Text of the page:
Not a Member? Get access to HR news and resources that you can trust.
Don't leave the task of calculating total cost of workforce to the finance department.
Is your employee handbook ready for the changing world of work? With SHRM’s Employee Handbook Builder get peace of mind that your handbook is up-to-date.
60+ new SHRM Seminar dates in 10 U.S. cities and virtually.
Expand your influence and learn how to become an effective leader -- Join us in Phoenix, AZ, October 2-4, 2017.
Workers thinking about moving on most likely don’t see opportunities for advancement at their current employer, according to a recent survey of North American workers.
Nearly one-third (29 percent) of 3,330 workers cited lack of career advancement when consulting firm BlessingWhite asked them to rank the most important factor that would influence them to change employers. Other, less important reasons included:
Conversely, top drivers for influencing an employee’s plans to stay:
High-risk employees—workers who aren’t committed to their organization and are likely to leave within two years—are at an all-time high in the United States and outpacing “truly loyal employees,” HR News reported Sept. 4, 2007.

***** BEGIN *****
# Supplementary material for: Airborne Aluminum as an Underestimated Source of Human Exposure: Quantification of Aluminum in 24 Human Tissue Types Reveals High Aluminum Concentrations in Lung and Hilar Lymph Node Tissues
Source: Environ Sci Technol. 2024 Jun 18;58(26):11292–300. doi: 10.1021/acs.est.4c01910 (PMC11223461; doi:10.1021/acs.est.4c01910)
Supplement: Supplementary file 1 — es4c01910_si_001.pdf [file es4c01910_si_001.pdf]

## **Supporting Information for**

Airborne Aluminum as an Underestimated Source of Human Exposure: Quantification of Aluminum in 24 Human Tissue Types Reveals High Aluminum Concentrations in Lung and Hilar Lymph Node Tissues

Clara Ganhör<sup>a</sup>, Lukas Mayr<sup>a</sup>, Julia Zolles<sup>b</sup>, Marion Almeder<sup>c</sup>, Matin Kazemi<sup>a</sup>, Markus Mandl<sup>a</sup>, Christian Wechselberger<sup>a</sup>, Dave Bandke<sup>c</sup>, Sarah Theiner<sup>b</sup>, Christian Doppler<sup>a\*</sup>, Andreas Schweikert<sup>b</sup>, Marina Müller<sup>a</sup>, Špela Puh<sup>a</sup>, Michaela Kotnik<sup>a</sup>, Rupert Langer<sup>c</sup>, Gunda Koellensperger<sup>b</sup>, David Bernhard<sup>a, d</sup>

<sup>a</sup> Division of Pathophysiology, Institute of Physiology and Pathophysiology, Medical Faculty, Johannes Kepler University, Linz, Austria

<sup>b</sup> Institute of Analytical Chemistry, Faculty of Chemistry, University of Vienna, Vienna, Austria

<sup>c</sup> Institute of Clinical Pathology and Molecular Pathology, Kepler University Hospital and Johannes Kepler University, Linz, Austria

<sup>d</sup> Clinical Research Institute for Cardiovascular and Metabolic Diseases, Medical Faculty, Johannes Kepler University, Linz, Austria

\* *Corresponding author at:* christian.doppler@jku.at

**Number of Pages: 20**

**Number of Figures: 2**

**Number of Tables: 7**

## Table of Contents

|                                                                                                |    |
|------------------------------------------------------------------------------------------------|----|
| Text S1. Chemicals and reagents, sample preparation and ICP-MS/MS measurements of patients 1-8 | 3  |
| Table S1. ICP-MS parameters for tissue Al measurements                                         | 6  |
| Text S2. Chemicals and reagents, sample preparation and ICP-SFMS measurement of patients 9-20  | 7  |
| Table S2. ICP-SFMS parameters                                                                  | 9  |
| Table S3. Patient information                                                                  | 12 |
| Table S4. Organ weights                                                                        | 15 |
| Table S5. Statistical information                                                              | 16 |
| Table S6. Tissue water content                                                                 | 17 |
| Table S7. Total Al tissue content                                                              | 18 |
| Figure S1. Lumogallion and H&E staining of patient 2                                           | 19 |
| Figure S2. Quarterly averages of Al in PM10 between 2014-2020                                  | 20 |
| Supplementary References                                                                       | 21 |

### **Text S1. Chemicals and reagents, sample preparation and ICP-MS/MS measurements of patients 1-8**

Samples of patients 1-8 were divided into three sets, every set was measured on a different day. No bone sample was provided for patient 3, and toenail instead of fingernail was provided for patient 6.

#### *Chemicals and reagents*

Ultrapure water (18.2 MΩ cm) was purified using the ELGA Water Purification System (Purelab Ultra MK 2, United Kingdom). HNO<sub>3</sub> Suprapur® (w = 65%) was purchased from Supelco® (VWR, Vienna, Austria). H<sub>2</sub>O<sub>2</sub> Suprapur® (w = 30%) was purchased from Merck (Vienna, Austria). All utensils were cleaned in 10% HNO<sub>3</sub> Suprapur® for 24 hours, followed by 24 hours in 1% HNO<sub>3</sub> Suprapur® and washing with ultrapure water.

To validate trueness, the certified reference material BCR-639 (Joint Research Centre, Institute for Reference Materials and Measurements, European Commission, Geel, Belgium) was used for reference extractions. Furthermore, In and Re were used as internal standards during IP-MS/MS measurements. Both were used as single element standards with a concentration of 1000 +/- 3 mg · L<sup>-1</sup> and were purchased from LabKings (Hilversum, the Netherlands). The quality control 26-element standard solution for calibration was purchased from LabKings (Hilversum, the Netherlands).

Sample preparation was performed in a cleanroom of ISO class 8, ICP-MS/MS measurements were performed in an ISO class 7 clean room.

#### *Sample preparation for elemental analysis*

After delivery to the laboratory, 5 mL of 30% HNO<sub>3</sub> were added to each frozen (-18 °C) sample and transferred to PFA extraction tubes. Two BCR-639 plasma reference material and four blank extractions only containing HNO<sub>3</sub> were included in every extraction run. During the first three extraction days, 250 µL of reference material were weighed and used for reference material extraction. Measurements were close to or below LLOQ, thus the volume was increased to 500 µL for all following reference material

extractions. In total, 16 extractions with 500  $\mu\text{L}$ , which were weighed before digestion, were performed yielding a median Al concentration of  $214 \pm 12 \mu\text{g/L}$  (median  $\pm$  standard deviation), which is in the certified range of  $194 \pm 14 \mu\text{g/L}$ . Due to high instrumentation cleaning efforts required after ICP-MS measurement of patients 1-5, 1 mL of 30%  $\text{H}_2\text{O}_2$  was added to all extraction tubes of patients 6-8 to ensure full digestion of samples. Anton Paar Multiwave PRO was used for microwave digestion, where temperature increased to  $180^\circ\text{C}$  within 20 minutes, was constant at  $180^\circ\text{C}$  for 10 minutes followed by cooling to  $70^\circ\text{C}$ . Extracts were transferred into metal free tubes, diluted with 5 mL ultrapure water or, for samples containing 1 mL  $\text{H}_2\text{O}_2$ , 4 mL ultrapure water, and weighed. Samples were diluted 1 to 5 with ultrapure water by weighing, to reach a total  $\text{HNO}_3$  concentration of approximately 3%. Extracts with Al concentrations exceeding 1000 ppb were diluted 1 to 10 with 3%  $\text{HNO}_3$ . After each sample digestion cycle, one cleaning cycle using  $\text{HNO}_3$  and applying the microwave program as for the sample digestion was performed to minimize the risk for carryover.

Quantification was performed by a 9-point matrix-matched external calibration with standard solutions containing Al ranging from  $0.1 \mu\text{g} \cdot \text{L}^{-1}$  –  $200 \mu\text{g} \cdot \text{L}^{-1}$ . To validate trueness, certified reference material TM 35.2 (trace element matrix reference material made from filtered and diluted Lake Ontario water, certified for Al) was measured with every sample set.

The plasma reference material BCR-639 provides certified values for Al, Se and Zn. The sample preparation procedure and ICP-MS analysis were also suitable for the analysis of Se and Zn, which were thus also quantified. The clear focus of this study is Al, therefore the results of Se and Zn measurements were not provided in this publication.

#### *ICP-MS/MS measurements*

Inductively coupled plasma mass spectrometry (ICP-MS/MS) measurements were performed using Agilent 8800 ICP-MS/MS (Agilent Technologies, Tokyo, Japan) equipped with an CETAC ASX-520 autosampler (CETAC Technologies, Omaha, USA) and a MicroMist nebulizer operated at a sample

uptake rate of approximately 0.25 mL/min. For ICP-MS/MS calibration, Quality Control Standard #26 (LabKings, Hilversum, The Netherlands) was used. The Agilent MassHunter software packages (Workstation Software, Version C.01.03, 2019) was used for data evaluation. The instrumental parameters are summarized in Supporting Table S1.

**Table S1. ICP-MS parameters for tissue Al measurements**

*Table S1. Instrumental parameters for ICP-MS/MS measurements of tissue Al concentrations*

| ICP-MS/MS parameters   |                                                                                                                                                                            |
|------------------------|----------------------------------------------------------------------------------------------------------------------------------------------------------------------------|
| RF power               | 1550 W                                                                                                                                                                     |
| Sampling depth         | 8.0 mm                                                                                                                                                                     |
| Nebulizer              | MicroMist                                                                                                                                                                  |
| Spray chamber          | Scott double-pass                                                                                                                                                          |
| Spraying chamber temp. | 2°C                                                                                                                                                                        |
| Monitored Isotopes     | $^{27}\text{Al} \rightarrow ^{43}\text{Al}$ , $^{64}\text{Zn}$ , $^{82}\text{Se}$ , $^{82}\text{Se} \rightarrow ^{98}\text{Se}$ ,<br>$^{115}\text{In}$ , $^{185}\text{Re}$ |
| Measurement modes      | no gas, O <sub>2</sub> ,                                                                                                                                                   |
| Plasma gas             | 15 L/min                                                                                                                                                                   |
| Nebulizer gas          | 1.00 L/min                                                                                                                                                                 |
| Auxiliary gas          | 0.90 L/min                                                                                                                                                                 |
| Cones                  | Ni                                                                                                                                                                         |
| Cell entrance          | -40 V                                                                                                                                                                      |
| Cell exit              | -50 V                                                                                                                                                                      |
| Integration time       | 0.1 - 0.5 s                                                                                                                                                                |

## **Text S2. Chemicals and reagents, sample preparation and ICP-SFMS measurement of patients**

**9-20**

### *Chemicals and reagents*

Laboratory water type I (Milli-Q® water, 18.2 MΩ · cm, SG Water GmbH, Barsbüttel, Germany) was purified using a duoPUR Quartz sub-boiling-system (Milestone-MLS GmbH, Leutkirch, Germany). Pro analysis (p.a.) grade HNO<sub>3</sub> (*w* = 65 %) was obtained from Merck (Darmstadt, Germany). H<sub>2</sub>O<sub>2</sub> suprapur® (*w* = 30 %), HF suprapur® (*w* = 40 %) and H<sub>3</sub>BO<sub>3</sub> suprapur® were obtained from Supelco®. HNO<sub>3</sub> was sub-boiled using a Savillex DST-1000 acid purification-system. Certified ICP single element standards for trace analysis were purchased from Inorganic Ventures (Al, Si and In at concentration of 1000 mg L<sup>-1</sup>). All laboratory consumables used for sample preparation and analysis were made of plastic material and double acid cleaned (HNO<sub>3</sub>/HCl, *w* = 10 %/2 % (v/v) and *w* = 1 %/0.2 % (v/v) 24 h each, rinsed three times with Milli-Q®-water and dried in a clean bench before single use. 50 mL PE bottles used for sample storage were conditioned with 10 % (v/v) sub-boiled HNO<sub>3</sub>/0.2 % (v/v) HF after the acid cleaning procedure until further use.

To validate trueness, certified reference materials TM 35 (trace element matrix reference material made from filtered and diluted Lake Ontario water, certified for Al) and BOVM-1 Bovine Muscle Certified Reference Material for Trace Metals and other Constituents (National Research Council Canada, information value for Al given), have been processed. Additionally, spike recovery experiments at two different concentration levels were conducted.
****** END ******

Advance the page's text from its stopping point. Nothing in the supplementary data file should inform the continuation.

Employees ambivalent about their employer are a major segment of every workforce, noted Christopher Rice, CEO of BlessingWhite. The New Jersey-based firm conducted the survey in December 2007 and January 2008 and released its findings in February 2008.
He called those employees “essentially opportunistic.”
“They want to pursue their interests and goals,” he said in a press release, “but aren’t dissatisfied enough to take action. From a practical standpoint, employees can often satisfy their need for career growth, change or better use of their talents with a current employer, but it’s not always obvious to them how they might do so.”
The manager, he noted, “is in the right position to influence the performance and [employee] satisfaction.”
That requires talking with those employees to help them “get what they need and to get aligned with what the organization needs from them.”
Kathy Gurchiek is associate editor for HR News. She can be reached at firstname.lastname@example.org.
You have successfully saved this page as a bookmark.
Please confirm that you want to proceed with deleting bookmark.
You have successfully removed bookmark.
Please log in as a SHRM member before saving bookmarks.
Your session has expired. Please log in again before saving bookmarks.
Please purchase a SHRM membership before saving bookmarks.
An error has occurred
Recommended for you
Join SHRM's exclusive peer-to-peer social network
SHRM’s HR Vendor Directory contains over 3,200 companies